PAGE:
A major increase in spending on television attack ads in state supreme court elections has made courts less likely to rule in favor of defendants in criminal appeals, a new study finds.
In Skewed Justice, independent researchers with the American Constitution Society found the more TV ads aired during state supreme court judicial elections in a state, the fewer votes justices made in favor of criminal defendants. Second, in states where bans on corporate electioneering were struck down by the United States Supreme Court’s 2010 decision in Citizens United v. Federal Election Commission justices are now less likely to vote in favor of defendants.
Spending by outside interest groups in judicial elections has skyrocketed from $87 million in 2010 to $439 million in 2012, making the races far more expensive and changing how they are conducted. Races are now dominated by TV ads, harsh attack ads are much more common, and highly effective “soft on crime” attacks have proliferated.
Fear-provoking ads funded by outside groups without public accountability, the study’s authors write, “can swing an election and put judges on notice that their judicial careers may be at stake each time they consider voting in favor of a defendant in a criminal case.” As a result, justices’ voting in favor of criminal defendants has declined seven percent.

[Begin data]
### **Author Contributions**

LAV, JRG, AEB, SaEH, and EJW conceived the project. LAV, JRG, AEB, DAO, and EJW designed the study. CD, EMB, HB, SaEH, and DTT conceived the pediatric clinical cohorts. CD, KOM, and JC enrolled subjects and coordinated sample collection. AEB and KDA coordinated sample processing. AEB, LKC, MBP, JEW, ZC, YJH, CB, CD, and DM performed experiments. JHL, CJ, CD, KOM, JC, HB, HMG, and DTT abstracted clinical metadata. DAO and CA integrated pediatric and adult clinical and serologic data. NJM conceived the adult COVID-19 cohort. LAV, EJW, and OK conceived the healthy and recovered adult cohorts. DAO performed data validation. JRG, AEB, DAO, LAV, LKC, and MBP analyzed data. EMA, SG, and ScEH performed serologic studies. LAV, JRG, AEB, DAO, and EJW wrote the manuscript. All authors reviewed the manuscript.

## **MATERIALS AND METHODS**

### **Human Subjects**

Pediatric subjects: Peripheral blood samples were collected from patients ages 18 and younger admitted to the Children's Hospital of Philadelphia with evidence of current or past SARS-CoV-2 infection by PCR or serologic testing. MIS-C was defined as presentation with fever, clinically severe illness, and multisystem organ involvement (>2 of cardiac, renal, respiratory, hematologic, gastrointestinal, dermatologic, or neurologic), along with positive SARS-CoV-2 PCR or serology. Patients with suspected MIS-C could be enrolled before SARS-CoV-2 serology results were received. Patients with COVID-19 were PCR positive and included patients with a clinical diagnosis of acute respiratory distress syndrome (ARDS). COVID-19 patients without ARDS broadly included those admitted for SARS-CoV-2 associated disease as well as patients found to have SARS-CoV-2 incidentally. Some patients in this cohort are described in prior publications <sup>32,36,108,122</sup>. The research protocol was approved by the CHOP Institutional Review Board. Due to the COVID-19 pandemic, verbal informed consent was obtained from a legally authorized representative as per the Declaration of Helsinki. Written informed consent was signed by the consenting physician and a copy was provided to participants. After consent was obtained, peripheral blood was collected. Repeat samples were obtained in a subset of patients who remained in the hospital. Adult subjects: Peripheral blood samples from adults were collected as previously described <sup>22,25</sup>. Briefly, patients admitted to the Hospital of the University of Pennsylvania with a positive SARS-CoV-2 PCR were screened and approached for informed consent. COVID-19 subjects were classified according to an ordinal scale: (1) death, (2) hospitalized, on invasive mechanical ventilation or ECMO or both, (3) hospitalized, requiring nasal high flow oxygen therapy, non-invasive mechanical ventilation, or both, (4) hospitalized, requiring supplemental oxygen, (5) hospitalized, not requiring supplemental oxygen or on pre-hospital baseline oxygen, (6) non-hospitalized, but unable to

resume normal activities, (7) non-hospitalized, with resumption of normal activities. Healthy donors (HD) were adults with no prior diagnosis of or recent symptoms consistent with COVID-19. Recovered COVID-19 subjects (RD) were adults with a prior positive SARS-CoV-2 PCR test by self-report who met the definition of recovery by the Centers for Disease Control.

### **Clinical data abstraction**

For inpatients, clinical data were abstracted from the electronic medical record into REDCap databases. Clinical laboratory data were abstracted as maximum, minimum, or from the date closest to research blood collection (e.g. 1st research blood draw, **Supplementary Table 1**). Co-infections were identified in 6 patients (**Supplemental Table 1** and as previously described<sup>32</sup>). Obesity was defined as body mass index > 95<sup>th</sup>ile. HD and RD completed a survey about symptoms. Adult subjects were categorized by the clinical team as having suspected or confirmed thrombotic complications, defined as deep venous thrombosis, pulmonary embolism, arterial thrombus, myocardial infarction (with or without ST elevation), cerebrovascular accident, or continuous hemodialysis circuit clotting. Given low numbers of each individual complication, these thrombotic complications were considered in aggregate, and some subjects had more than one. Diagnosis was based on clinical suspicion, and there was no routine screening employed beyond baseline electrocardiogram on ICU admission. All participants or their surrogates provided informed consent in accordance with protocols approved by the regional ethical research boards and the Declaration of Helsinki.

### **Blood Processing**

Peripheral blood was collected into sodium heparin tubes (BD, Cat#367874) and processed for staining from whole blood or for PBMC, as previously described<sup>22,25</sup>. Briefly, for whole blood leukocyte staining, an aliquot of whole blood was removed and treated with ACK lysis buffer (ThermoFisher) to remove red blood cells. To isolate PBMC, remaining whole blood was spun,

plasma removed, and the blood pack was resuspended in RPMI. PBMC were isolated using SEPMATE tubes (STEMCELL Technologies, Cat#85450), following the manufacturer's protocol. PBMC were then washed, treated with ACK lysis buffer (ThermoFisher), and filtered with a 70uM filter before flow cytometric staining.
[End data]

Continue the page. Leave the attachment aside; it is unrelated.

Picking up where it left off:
Years before Citizens United, Alabama’s judicial campaigns, funded by special interest groups, became extremely expensive, bruising battles reliant on “soft on crime” attack ads. Noting that 92 percent of sentences overridden by Alabama judges in capital cases set aside life sentences to impose the death penalty, U.S. Supreme Court Justice Sonia Sotomayor observed that “Alabama judges, who are elected in partisan proceedings, appear to have succumbed to electoral pressures.”
The study concludes that pressure to appear “tough on crime” to ward off attack ads will continue to mount, biasing more decisions against criminal defendants and, as Justice Sotomayor put it, “cast[ing] a cloud of illegitimacy over the criminal justice system.”